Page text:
Huub Savelkouls, Philip Morris International (PMI)

Huub Savelkouls

PMI’s Transformation

Editors’ Note

Huub Savelkouls joined PMI in 1994 and held various roles in the Fiscal and Economic Affairs department. From 2007-2014, he was Vice President of Fiscal Affairs and International Trade. Over the past five years, he has been closely involved in shaping PMI’s business transformation as Vice President of Strategic Policy Initiatives and Vice President of Value Chain Transformation & Sustainability. Prior to PMI, he was senior scientist at NATO’s Undersea Research Centre and a scientist with TNO Defence, Security and Safety. He holds a Master’s degree in business econometrics from the Vrije Universiteit Amsterdam.

Company Brief

Philip Morris International (pmi.com) is leading a transformation in the tobacco industry to deliver a smoke-free future and ultimately replace cigarettes with smoke-free products for adult smokers who would otherwise continue to smoke. With more than 73,000 employees across the globe, PMI is selling products made in their 38 worldwide production facilities to over 150 million consumers in more than 180 markets around the world.

Will you provide an overview of your role leading PMI’s sustainability efforts?

For any business, sustainability is about understanding societal expectations and meeting them. That means that if you are in the role of chief sustainability officer, you have both an external and internal role. For the external part, you need to meet with stakeholders to explain what the company is doing, which is a big part in our case as we are transforming the business in quite a massive way. Then, based on that, internally, I need to work with my team and the business functions to address the material topics.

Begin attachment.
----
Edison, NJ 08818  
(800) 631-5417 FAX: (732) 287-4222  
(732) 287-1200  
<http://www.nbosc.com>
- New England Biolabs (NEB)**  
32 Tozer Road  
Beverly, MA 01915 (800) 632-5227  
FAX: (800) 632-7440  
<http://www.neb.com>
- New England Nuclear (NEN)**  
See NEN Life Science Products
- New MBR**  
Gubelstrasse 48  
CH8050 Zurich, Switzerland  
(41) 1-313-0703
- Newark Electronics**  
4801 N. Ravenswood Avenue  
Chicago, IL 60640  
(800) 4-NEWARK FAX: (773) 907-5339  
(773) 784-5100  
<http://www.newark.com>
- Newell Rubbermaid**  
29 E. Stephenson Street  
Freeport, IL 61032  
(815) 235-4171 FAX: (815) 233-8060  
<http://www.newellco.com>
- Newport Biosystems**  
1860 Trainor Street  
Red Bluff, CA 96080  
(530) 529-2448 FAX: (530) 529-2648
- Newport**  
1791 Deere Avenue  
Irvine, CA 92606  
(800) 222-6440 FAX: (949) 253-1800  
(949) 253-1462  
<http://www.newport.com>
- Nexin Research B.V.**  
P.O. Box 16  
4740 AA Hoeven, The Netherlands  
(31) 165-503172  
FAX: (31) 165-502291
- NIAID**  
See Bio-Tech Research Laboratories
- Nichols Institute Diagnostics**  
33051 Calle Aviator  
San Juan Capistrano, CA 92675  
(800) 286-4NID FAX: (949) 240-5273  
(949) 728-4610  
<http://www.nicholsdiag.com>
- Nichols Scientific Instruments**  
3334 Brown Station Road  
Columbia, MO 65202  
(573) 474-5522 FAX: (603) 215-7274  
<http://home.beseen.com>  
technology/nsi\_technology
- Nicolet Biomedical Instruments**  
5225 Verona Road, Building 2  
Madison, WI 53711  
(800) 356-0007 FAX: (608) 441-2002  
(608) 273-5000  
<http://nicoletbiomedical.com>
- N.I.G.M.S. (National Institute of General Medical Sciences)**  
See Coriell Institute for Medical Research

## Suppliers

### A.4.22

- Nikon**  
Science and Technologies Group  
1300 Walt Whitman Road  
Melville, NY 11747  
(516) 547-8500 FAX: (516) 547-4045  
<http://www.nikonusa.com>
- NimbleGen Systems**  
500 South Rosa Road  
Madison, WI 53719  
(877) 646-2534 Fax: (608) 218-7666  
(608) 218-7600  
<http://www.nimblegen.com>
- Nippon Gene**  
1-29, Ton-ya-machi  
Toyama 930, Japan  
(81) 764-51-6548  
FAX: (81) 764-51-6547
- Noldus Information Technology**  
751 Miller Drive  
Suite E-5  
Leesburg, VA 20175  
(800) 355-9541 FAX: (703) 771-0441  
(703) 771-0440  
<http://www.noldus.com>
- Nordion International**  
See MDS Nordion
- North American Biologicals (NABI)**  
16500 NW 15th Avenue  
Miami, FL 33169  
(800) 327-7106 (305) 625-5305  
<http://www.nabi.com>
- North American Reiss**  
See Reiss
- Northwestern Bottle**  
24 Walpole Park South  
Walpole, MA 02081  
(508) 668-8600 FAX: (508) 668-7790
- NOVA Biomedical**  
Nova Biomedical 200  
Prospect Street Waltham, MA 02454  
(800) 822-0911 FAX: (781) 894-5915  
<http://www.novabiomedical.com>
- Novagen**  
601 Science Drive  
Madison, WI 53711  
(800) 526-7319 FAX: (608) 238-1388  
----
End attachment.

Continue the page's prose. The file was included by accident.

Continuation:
I was only appointed to this role last year. One of the things we’ve been doing is establishing more comprehensive strategies, so taking a thorough approach, looking at what the most material topics are and listening to stakeholders.

Will you highlight PMI’s transformation journey?

PMI has long been looking at how we can make a product that is not as harmful as smoking cigarettes. More than twenty years ago we had our first attempt with a product that didn’t succeed commercially. When our heated tobacco product came around as a prototype around 2012, I think a lot of people in the company, including myself, saw that this time we had something in our hands that showed great promise. We knew the science was robust and we knew that the conversion rate was very high, meaning that this product was very acceptable to smokers as an alternative. I think everybody realized that this time, this product had the potential to completely transform the company and ultimately make cigarettes obsolete. In 2016, our CEO, André Calantzopoulos, publicly announced that we were going for a smoke-free future and we were going to replace cigarettes as fast as possible. This decision also meant a lot for sustainability. While we had been doing a lot of good things in the past in sustainability, they were isolated things on specific topics focused on issues such as mitigating climate change. However, we didn’t talk about it very much because the company felt that unless you first tackle the harmful effects of your product, it doesn’t really make sense to talk about all the other things you are doing.